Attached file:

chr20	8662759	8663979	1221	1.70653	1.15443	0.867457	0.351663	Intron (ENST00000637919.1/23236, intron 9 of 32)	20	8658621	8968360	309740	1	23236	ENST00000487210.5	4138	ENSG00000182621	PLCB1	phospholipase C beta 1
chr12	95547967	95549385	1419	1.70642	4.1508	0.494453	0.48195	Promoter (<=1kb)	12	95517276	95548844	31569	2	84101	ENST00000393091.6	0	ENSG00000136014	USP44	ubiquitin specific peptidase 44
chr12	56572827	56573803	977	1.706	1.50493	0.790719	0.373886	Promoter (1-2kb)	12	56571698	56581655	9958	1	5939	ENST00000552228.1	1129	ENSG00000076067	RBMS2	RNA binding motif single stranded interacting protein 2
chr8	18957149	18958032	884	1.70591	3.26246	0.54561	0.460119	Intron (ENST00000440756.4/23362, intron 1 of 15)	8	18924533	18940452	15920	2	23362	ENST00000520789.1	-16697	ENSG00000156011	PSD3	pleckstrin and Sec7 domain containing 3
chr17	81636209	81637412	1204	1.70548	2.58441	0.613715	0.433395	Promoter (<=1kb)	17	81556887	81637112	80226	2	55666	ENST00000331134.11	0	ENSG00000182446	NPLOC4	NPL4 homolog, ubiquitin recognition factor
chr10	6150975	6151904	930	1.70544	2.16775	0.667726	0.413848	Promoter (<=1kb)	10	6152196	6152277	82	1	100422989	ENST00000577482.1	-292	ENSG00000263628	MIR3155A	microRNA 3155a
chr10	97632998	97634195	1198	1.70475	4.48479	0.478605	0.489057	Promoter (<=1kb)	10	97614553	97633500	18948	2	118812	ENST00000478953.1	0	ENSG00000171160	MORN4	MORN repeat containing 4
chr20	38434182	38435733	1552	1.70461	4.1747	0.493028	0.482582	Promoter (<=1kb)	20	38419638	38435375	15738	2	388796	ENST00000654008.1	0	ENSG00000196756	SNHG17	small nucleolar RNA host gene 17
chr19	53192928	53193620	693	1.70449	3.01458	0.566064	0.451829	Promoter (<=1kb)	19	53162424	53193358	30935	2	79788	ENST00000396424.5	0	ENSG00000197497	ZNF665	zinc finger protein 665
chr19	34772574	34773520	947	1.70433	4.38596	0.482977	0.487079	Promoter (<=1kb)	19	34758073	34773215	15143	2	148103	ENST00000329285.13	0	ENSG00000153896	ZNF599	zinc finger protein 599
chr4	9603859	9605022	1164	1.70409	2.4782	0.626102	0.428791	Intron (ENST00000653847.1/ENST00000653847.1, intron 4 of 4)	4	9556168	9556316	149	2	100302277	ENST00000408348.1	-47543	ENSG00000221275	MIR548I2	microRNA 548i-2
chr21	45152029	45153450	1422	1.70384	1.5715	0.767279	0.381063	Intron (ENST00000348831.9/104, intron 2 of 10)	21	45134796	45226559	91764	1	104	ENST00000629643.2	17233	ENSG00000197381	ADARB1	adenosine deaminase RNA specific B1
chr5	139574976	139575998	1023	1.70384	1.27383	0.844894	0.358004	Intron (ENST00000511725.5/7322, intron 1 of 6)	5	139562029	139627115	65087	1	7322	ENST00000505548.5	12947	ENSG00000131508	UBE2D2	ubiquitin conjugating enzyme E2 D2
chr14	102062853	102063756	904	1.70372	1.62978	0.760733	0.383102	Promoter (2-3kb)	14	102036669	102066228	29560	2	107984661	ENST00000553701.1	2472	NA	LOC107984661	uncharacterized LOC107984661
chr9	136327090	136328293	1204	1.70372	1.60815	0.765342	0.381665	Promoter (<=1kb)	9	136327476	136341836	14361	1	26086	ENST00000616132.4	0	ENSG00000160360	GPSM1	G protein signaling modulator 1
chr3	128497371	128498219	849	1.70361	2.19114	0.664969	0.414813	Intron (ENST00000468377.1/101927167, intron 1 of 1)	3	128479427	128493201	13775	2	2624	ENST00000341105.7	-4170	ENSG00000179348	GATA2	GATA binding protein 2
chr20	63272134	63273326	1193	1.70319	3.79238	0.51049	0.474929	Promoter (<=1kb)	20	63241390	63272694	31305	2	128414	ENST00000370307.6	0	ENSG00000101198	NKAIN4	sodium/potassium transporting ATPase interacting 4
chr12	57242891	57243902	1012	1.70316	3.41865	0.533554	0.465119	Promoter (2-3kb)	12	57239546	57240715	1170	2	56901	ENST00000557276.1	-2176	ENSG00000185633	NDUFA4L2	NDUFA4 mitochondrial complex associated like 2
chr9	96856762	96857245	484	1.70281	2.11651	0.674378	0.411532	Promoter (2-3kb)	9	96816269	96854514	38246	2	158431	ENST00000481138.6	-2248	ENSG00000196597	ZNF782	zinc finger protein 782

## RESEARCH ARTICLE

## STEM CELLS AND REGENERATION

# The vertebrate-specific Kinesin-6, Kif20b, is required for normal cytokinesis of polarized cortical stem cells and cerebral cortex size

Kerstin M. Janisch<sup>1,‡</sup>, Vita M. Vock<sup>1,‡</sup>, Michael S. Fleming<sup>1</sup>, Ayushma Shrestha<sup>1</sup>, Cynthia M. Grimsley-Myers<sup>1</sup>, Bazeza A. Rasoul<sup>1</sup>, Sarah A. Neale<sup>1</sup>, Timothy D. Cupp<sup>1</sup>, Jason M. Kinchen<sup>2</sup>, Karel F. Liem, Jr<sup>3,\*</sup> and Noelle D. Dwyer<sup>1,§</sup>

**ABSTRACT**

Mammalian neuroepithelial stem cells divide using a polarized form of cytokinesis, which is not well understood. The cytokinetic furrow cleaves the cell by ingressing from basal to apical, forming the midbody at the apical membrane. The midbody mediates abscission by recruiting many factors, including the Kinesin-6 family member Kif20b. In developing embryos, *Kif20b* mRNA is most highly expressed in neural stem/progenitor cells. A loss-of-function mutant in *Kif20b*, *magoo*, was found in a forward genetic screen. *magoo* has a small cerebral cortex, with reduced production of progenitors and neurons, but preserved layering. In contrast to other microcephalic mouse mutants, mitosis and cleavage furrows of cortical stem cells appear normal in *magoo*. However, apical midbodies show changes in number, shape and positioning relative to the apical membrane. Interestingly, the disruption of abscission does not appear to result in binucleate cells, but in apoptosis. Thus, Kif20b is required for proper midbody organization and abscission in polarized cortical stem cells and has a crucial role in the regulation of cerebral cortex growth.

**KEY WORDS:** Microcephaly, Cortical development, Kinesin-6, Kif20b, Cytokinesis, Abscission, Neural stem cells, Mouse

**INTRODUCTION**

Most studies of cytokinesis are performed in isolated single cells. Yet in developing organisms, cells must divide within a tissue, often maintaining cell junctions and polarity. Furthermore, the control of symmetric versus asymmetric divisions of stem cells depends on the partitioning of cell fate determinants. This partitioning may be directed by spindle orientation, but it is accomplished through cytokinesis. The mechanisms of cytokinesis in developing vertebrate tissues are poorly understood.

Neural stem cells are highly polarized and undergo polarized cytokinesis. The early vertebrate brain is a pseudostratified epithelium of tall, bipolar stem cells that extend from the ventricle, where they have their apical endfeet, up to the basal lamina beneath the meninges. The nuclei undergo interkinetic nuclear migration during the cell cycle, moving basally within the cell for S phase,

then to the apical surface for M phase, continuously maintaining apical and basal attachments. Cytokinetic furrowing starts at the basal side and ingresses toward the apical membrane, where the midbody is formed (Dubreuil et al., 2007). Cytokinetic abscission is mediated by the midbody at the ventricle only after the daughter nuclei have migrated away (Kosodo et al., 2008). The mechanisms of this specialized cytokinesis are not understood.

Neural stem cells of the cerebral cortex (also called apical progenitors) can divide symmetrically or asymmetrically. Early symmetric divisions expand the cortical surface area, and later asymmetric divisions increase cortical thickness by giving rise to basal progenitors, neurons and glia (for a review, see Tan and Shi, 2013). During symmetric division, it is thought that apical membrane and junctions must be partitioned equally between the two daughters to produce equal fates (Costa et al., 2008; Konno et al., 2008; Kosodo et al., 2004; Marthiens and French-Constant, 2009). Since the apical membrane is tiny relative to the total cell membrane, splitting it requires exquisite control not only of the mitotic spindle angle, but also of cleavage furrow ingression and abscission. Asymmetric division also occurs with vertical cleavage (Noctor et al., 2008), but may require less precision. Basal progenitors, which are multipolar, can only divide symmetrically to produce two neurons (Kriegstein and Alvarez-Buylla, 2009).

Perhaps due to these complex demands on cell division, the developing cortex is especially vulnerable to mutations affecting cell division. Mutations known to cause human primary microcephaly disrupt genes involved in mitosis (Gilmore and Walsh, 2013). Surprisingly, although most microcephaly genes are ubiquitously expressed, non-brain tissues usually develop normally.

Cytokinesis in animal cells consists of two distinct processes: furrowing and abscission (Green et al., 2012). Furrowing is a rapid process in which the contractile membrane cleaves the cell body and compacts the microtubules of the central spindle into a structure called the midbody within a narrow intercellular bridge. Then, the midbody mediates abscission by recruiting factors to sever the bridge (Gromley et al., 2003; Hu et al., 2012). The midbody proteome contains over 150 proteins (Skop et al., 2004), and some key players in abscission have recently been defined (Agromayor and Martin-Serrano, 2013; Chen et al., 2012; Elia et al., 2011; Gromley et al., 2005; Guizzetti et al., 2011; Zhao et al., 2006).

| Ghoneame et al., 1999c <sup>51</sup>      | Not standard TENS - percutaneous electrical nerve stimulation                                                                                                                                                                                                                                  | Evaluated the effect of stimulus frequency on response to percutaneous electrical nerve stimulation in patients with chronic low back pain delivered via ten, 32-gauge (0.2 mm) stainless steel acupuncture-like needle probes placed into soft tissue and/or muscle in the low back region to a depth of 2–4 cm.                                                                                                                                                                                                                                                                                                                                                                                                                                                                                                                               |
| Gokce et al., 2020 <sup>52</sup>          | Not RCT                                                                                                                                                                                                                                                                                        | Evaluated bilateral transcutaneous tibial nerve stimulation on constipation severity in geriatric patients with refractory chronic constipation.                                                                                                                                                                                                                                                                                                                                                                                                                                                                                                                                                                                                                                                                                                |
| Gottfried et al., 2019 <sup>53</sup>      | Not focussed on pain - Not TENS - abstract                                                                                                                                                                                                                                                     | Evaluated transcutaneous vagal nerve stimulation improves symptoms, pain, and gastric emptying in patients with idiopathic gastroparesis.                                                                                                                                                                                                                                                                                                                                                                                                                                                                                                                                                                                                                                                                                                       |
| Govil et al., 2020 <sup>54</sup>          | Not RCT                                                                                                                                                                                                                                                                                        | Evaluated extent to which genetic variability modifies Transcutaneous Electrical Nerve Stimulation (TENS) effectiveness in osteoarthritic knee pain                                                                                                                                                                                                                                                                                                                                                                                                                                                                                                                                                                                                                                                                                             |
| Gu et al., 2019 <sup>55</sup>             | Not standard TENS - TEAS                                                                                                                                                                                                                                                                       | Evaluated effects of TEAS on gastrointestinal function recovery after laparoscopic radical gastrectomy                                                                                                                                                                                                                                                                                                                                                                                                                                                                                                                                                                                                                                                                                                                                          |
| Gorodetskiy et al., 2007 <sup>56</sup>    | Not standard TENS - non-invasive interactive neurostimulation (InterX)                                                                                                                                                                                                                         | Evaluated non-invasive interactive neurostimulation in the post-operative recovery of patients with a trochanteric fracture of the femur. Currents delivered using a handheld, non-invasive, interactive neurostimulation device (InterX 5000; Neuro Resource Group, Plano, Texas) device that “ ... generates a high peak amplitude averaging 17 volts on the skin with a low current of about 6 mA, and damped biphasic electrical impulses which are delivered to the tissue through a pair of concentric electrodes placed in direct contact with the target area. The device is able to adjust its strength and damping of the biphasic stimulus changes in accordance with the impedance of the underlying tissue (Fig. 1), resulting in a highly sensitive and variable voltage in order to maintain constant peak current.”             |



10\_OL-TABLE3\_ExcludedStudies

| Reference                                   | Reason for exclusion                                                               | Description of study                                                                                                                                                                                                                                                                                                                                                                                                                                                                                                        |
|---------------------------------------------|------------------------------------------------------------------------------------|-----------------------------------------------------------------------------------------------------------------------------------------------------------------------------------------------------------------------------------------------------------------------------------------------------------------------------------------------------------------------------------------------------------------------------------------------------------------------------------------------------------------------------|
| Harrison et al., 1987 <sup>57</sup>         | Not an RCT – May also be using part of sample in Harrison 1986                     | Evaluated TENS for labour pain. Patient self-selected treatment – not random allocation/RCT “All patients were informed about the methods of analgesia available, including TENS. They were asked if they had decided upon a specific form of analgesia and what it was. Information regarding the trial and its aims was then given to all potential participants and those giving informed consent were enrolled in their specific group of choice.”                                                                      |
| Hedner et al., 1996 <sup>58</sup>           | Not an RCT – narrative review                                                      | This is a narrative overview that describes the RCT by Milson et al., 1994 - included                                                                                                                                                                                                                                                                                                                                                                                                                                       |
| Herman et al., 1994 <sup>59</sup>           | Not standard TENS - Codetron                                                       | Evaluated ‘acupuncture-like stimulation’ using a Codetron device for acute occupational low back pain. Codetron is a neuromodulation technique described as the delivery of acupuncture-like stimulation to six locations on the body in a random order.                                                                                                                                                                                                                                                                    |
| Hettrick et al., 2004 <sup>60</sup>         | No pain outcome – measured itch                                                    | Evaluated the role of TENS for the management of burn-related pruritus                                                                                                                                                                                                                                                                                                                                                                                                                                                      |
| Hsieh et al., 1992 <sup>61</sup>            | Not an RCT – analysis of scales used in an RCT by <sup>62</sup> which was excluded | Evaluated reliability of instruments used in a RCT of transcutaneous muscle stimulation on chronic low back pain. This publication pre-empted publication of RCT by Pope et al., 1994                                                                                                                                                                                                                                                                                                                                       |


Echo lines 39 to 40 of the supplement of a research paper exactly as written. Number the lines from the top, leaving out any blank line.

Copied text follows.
| Gorodetskiy et al., 2007 <sup>56</sup>    | Not standard TENS - non-invasive interactive neurostimulation (InterX)                                                                                                                                                                                                                         | Evaluated non-invasive interactive neurostimulation in the post-operative recovery of patients with a trochanteric fracture of the femur. Currents delivered using a handheld, non-invasive, interactive neurostimulation device (InterX 5000; Neuro Resource Group, Plano, Texas) device that “ ... generates a high peak amplitude averaging 17 volts on the skin with a low current of about 6 mA, and damped biphasic electrical impulses which are delivered to the tissue through a pair of concentric electrodes placed in direct contact with the target area. The device is able to adjust its strength and damping of the biphasic stimulus changes in accordance with the impedance of the underlying tissue (Fig. 1), resulting in a highly sensitive and variable voltage in order to maintain constant peak current.”             |



10\_OL-TABLE3\_ExcludedStudies